This week people gather from around the globe at the annual Stockholm World Week. If previous years are anything to go by, the “Water is life” cliché will be repeated endlessly. But the phrase is useful shorthand for this simple fact: water is the cornerstone of human health and economic development
. If managed poorly, water is an obstacle to development; if managed well, it brings prosperity and peace.
With a growing global population, a rise in energy and industrial production, the demand for water is reaching new levels.
With the clock counting down towards the November climate summit in Marrakech, Morocco, where parties to the climate treaty agreed in Paris will negotiate implementation, it's clear that managing water resources will be a key aspect of any effective deal.
Globally, more than 748 million people do not have access to safe drinking water. That is more than double the population of the entire United States.
Imagine having to venture out into a conflict zone in search of water because rebel groups and government forces have targeted the pipelines. Imagine walking miles in the blazing summer heat, then waiting hours at a public tap to fill up your containers. Now imagine realizing the jugs are too heavy to carry back home.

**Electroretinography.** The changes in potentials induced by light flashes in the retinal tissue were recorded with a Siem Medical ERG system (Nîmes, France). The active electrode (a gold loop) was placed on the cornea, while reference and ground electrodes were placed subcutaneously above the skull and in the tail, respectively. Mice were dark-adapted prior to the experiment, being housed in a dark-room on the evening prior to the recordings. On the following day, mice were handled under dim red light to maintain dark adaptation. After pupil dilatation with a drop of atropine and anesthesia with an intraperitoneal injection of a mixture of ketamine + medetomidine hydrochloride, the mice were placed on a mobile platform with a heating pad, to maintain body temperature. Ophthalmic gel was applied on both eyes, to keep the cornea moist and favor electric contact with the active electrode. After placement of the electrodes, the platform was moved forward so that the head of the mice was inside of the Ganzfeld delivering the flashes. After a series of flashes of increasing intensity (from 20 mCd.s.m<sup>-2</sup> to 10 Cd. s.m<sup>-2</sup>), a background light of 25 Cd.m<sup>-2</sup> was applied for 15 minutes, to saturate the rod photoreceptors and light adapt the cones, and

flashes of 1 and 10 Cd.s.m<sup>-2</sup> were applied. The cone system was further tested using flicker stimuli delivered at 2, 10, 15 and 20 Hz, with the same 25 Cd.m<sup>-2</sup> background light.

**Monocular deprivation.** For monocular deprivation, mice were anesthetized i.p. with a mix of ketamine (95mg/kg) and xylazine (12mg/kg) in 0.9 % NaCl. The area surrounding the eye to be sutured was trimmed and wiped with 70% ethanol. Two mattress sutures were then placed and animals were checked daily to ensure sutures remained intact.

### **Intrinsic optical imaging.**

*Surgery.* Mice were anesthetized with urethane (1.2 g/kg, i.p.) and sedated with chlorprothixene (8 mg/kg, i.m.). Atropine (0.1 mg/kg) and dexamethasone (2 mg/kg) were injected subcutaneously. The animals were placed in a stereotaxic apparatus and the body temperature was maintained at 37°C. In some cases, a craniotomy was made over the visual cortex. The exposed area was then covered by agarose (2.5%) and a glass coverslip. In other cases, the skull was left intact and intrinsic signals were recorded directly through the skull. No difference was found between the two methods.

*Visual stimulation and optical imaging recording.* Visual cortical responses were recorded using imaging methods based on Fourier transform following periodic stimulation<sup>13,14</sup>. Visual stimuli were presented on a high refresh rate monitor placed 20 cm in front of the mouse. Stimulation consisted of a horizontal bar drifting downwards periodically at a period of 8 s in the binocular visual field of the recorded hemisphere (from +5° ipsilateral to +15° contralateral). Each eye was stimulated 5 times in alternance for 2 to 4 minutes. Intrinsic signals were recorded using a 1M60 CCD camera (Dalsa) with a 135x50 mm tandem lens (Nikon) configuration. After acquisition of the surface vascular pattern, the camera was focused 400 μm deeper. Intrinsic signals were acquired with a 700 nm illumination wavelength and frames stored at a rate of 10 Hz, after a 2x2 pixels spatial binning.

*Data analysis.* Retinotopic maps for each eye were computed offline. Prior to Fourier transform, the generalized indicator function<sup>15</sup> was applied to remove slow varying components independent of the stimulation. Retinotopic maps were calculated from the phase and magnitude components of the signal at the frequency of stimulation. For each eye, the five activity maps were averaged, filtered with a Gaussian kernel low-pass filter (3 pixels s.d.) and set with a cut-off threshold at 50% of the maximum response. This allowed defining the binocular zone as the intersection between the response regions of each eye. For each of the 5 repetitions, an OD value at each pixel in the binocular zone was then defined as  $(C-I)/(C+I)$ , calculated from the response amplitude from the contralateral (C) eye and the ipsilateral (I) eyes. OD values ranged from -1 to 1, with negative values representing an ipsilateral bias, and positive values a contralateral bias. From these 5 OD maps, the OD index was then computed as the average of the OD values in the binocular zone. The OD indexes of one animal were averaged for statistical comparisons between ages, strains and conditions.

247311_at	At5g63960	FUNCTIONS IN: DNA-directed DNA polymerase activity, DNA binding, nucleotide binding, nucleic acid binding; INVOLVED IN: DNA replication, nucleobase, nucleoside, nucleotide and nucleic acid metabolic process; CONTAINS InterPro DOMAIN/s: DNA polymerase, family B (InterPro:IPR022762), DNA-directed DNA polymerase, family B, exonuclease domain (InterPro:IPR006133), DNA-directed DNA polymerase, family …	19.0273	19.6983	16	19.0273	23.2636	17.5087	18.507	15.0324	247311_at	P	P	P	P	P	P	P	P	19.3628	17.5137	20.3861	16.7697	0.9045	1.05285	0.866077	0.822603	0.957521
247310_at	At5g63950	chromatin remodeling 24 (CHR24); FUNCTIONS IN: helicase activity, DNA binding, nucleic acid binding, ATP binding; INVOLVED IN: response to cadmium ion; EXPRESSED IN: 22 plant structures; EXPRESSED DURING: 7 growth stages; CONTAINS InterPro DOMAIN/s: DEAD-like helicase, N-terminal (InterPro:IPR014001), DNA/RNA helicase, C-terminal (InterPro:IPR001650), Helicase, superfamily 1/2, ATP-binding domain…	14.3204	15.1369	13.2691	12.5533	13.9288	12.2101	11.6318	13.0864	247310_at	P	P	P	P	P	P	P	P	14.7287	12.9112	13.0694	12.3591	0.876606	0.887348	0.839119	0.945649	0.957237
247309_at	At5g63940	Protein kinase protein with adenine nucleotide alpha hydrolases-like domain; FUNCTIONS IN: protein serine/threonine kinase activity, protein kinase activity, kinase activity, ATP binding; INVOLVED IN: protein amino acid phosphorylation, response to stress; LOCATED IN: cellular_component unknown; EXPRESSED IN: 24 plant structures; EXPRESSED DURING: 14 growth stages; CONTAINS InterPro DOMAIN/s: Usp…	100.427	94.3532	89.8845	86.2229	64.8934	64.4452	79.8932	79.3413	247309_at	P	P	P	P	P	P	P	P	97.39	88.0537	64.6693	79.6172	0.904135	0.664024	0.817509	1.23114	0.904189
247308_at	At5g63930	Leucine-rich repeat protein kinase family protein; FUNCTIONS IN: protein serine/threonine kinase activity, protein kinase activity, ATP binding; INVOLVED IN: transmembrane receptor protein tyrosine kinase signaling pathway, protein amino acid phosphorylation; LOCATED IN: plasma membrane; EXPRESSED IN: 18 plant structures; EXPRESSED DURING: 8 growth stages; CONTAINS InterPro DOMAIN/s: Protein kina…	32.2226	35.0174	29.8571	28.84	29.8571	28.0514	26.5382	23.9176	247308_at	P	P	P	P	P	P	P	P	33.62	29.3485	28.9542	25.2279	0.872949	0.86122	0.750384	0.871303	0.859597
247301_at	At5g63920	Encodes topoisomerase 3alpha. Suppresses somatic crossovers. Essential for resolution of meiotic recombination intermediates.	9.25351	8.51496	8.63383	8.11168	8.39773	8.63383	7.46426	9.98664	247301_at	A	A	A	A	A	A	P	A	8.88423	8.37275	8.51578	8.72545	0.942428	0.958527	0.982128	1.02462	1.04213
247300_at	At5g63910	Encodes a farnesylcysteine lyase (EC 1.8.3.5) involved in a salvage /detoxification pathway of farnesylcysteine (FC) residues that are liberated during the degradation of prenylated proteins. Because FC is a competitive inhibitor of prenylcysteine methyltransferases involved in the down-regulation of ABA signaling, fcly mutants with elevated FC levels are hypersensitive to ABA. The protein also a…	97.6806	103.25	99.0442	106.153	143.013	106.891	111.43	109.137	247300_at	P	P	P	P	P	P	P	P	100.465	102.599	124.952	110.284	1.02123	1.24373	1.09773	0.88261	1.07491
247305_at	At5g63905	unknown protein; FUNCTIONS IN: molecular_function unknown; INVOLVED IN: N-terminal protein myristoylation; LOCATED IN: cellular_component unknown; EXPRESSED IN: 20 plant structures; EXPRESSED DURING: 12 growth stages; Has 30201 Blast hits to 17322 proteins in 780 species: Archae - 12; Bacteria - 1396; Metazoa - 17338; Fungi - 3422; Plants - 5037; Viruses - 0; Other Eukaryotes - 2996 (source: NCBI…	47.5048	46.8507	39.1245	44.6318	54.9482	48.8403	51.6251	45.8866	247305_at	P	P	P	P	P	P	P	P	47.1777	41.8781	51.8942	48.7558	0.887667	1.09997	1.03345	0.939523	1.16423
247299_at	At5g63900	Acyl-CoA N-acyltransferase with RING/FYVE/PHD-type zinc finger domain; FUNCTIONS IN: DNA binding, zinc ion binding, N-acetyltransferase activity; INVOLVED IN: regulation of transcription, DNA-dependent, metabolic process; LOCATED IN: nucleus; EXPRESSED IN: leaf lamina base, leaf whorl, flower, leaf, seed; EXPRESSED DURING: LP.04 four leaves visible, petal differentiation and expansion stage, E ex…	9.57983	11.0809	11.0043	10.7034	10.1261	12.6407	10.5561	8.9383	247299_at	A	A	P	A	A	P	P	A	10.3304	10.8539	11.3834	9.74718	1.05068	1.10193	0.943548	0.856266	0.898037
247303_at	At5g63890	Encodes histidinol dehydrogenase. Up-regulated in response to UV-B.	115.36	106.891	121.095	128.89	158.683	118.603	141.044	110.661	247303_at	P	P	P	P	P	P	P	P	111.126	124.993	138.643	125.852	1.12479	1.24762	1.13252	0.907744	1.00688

When the General Assembly declared 2013 the International Year of Water Cooperation (IYWC) three years ago, the U.N.'s highest policy-making body was conscious of the perennial conflicts triggered by competition over one of the world's most critical finite resources.
Last May the European Commission reported that scores of infrastructure projects in the Gaza Strip, financed mostly by the European Union, have been damaged or destroyed, wittingly or unwittingly, by Israeli military forces in the ongoing conflict in the Palestinian Occupied Territories.
When the international community was struggling to ward off a potential decline in development aid in early 2000, it came up with a novel idea: a proposal for "new and innovative sources of financing", including a tax on airline tickets and a levy on foreign exchange transactions.
As the world faces possible water scarcities in the next two to three decades, the U.S. intelligence community has already portrayed a grim scenario for the foreseeable future: ethnic conflicts, regional tensions, political instability and even mass killings.
Small-scale irrigation schemes can provide the biggest opportunity for boosting food security in Africa, according to Meredith Giordano, the research director at the International Water Management Institute.
Paradoxically, the water we "eat" is likely to become one of the growing new dangers to millions of the world’s thirsty, hungering for this finite natural resource.
With the U.N. ominously warning of an impending food crisis following severe droughts in farmlands in the United States, Brazil, Russia and at least two rain-deprived states in India, the world will once again turn its attention to a finite natural resource: water.